The transformation literature is useful for understanding high-level and long-term processes but is more limited when seeking to devise practical site-level strategies to support and enhance potentially transformative initiatives. Accordingly, a number of researchers have turned their attention to assessing enabling and supporting conditions for transformations. Feola (2015) argued that since transformations are multifaceted and complex, it is helpful to have a variety of frameworks that address different aspects of transformations. Some research has questioned what combination of socio-economic and biophysical changes constitute social-ecological transformations (e.g., Ferguson et al. 2013, Moore et al. 2014, Andrachuk and Armitage 2015, Patterson et al. 2017), while other scholarship has focused specifically on governance conditions that are conducive to transformations (e.g., Leach et al. 2012, Burch et al. 2014, Pereira et al. 2015). Pereira et al. (2015) identified a set of principles for “safe operating space” that are seen as necessary for transformations to sustainability. Those principles are emancipation and empowerment, ensuring reflexivity, knowledge cocreation, transformative learning, and nurturing innovations (Pereira et al. 2015). These conditions are consistent with much of the literature. However, additional specificity is needed to inform local-level actions in an SSF context.
The motivation for introducing building blocks in this paper is to address the challenge of supporting and enabling transformations in progress in SSF. We do this by empirically identifying local successes within communities in the Cau Hai Lagoon, Vietnam, and analyzing opportunities to replicate those successes for other communities in the lagoon. We inductively identify building blocks that are relevant for this specific context.
The metaphor of building blocks emphasizes the value of contextual specificity and empirical understanding of what has led to small, early successes for SSF transformations. We offer several guiding attributes, based on our review of SSF and transformations literature, that help scope what building blocks may look like. First, building blocks are local and relevant for particular places and times. Spatial and temporal boundaries are important due to variability in social, economic, political, and ecological systems. Emphasis is given to bottom-up perspectives, although recognition must be given to changes that can be top-down. A transformation need not have the same building blocks from place to place. Building blocks indicate how success was achieved in one place that may be useful in other similar contexts. Second, consideration should be given to a wide array of institutions, roles for key people, types of networks, technological or social innovations, management arrangements, knowledge, or values and perspectives (emphasized as different shapes in Fig. 1).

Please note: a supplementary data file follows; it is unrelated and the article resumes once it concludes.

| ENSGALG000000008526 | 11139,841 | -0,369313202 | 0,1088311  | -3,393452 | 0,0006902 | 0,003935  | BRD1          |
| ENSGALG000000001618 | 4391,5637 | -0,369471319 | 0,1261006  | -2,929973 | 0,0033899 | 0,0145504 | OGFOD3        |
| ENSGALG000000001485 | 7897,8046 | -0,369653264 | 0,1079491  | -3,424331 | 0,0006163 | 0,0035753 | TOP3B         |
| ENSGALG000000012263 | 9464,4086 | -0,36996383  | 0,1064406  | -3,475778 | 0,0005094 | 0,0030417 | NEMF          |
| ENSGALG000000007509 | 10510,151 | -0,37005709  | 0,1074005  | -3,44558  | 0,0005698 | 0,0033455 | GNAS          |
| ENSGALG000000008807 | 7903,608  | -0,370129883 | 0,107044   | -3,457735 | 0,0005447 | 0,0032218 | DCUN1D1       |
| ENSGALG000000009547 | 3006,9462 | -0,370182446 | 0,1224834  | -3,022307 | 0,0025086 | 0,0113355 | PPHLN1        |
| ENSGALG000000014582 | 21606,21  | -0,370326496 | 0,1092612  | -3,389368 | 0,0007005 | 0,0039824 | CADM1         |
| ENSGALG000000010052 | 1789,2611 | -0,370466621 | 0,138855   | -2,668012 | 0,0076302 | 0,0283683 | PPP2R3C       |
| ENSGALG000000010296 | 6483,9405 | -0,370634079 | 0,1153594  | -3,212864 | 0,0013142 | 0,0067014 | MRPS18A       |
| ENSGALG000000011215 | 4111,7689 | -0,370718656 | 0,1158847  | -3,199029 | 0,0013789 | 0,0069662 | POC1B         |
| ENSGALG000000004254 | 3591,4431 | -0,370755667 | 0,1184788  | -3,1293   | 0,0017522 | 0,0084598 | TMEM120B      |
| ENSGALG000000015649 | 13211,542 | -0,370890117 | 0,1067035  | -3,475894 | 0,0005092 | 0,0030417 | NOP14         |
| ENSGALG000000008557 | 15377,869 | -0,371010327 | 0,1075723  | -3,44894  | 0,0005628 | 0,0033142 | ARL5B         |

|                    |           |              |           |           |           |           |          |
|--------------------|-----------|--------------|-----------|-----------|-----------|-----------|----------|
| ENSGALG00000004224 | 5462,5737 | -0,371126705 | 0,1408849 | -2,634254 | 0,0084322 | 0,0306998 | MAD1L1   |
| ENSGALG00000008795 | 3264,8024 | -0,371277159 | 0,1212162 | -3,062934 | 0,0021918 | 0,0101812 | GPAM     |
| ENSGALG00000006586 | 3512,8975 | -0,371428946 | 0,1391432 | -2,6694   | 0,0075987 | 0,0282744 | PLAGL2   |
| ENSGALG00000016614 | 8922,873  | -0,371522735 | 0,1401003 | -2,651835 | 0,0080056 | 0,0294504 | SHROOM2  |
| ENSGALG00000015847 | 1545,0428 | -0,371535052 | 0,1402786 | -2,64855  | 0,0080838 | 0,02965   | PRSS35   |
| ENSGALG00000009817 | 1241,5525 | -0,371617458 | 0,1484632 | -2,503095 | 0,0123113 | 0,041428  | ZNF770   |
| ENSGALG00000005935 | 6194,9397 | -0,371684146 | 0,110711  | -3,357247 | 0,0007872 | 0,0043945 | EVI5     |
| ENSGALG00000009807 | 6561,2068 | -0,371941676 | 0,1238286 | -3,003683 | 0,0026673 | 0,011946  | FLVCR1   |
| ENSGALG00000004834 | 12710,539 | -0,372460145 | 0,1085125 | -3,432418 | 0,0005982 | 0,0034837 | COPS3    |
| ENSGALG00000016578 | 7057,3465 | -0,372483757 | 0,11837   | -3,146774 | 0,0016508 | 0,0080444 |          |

Third, building blocks are not static or linear. Building blocks are part of how transformation pathways are achieved, reflecting a normative vision of where people want to go. There is not a first step or specified sequence of actions, and what is needed may shift over time. Fourth, we envision building blocks as features that have been seeded as part of a new regime. We shift the focus away from barriers and constraints. Resistance against traps and lock-ins of an old regime are critically important but do not tell us how to move forward. Building blocks may feature empowerment, poverty reduction, and other pro-equity reforms as a new regime is taking shape. Lags and barriers are common for social-ecological change due to path dependence. Building blocks, as a tool for intervention, are useful for moving beyond lags that may have stalled transformations.